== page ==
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With current numbers of long-term unemployed in the UK already at 400,000 there is an urgent need to help support people back into work.

The trouble is that the very people who could provide the expertise to do this are leaving the sector in droves. As the Government transitioned its help for unemployed people into a new scheme called the Work Programme, many thousands of specialist advisors were made redundant. Unsurprisingly, they have been put off ever working in the sector again. They are bemused that after years of helping others to find jobs, they now have to register at the job centre themselves.

They fear that there is a lack of long-term stability in the welfare to work sector and that its structure is dependent on whichever political administration is in power.

The Work Programme is the coalition's flagship strategy for dealing with long-term unemployment. It consolidates and replaces previous schemes run by the Labour Government. It will pay private and not-for-profit providers on results – a radical departure from what has gone before.

The Work Programme does have real potential to make a difference to people's lives and to also benefit the flailing UK economy, however, as with all reforms, the system faces teething problems, one of which is around the availability of skilled advisors to deliver the programme. Unless contractors think carefully about their staff retention and talent management, it's evident that the programme could undergo shortages of the right qualified personnel. The types of schemes that might help keep staff on board are peer to peer training, and structured development programmes – where staff are supported to progress and given clear guidance on what is expected at each level. It would also be useful to mirror the in-work support that they will be providing to those they place in work.

Recently, we organised a series of workshops to support former specialist advisors to the long-term unemployed who had faced redundancy. Half of those attending reported that they have been put off working in the sector ever again. One reason for this is because they feel the contractual nature of the welfare to work sector doesn't offer long-term job security. The volume of redundancies was exacerbated by the lack of government support during the transition process from the old contracts to the Work Programme. Consequently, many see their jobs as subject to political decisions over which they have no influence.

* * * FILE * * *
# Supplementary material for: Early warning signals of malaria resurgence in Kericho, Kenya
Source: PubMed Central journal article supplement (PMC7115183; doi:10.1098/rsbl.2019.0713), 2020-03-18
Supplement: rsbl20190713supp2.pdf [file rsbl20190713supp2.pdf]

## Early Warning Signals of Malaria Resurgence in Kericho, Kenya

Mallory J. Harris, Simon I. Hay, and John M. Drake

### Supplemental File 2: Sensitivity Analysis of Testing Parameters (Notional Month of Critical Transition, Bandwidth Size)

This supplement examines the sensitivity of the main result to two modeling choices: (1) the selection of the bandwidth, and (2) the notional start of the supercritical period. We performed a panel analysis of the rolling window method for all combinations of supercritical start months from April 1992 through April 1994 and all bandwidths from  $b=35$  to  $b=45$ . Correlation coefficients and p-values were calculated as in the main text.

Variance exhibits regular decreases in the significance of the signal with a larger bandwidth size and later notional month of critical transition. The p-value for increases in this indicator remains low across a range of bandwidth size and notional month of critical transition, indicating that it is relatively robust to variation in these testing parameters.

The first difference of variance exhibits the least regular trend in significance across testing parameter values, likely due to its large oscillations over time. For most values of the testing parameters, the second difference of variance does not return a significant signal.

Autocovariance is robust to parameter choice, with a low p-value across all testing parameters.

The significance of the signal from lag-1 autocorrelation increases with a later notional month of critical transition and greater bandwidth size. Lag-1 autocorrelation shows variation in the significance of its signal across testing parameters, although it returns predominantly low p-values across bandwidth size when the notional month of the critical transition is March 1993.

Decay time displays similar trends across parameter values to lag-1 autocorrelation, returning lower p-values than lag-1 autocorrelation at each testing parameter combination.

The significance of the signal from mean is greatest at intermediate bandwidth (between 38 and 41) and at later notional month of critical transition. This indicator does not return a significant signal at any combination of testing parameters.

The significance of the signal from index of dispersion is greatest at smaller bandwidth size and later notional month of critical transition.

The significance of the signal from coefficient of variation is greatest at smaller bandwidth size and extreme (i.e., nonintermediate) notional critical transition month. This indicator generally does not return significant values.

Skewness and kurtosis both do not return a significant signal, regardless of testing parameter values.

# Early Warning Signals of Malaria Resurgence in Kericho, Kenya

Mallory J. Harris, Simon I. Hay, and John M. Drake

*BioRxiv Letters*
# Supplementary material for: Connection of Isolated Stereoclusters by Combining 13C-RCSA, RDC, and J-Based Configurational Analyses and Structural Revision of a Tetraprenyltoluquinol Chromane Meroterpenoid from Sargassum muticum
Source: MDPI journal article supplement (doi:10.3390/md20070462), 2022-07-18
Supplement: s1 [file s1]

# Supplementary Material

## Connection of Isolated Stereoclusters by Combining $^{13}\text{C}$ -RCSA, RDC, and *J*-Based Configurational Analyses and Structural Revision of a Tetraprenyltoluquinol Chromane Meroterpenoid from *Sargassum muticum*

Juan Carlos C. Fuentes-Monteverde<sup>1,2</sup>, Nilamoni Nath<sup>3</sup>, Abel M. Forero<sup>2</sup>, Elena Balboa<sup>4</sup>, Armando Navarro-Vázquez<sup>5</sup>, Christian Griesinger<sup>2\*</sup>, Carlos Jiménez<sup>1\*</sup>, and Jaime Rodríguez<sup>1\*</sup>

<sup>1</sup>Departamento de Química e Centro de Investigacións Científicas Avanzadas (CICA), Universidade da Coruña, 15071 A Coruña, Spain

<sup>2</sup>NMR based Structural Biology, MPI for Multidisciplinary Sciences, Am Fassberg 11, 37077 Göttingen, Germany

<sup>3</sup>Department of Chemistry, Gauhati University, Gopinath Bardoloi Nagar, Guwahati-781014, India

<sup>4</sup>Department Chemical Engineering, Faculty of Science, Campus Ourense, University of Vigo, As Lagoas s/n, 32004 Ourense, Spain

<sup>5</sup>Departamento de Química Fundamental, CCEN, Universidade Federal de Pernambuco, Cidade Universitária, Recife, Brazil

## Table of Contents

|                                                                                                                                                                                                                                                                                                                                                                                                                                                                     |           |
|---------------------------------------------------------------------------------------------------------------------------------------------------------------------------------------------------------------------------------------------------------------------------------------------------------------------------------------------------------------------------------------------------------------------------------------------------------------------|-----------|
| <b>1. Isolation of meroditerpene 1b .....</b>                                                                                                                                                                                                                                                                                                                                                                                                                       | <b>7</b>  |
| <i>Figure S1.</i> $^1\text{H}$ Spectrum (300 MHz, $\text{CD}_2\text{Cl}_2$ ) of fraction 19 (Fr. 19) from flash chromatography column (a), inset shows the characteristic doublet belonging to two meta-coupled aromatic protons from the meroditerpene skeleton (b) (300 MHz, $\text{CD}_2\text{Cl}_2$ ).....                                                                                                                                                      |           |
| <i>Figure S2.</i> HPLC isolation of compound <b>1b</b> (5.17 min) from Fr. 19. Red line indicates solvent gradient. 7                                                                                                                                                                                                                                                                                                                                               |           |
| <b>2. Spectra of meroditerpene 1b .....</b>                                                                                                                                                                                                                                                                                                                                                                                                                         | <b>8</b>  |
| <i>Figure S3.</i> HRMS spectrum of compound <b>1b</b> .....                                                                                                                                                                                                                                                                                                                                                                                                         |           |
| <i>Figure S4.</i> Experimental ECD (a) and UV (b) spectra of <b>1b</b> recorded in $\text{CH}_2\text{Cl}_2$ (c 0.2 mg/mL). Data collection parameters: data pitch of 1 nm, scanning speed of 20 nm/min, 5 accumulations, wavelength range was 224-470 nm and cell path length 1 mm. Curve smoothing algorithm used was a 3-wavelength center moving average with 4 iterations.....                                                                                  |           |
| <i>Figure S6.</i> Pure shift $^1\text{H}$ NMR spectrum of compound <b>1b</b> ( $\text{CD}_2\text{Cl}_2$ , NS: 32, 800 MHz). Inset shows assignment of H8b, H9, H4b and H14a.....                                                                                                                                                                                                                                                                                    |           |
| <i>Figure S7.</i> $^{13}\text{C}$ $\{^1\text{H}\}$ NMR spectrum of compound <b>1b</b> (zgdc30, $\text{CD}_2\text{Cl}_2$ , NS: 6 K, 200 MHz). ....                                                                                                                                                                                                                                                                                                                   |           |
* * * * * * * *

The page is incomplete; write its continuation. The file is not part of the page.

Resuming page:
The public sector could well suffer as a result. Jobcentre Plus (JCP) workers are likely to see the impact of staffing shortages among private sector providers on those they refer for help. As JCPs themselves have already seen a number of redundancies, this could well compound the issue.

It is now a numbers game – with payment awarded for people placed – regardless of how long they have been unemployed. The danger is that the focus will become on the 'low hanging fruit' – people who are easy to place – rather than on those who require more time and help.

This will not be an easy shift in practice for those who have previously worked in this area, and built up years of experienced. They will need to adopt a different mindset when delivering the Work Programme to that which was needed when working on previous contracts. The coalition's delivery model, which will pay on results, will need personnel to be more results driven, commercial and focussed on retention. However, with many advisors joining the sector to make a genuine difference to peoples' lives, (80% of those who attended our workshops), there is a fear that this new look programme, with all focus on results, will not allow advisors the time and resource needed to help vulnerable groups. Contractors will need to be aware of the step change needed in both skills and attitude from advisors and support them accordingly.

A primary focus for all managers is to deliver tangible Work Programme results. Although investing in staff development may seem financially risky for providers, this short term pain is necessary for long-term gain. This is because it is important to bridge the gap between the old and new mindsets mentioned above and help those advisors still in the sector get to grips with their new organisations, new workloads, new ways of working and new targets.

Additionally, staff retention rates in the welfare to work sector generally are notoriously low, and so, in addition to this training, contractors should also offer advisors regular reviews and development plans for career progression. It is only with this kind of foresight and planning that organisations specialising in helping the unemployed back to work will retain talented staff.

Organisations will only be successful in delivering the new Work Programme through a commitment to staff engagement. Otherwise, in the long-term, they may find themselves without skilled personnel to deliver those potentially lucrative contracts.

Anton Roe is director at Alderwood Welfare to Work, a specialist provider of personnel to organisations delivering the Work Programme

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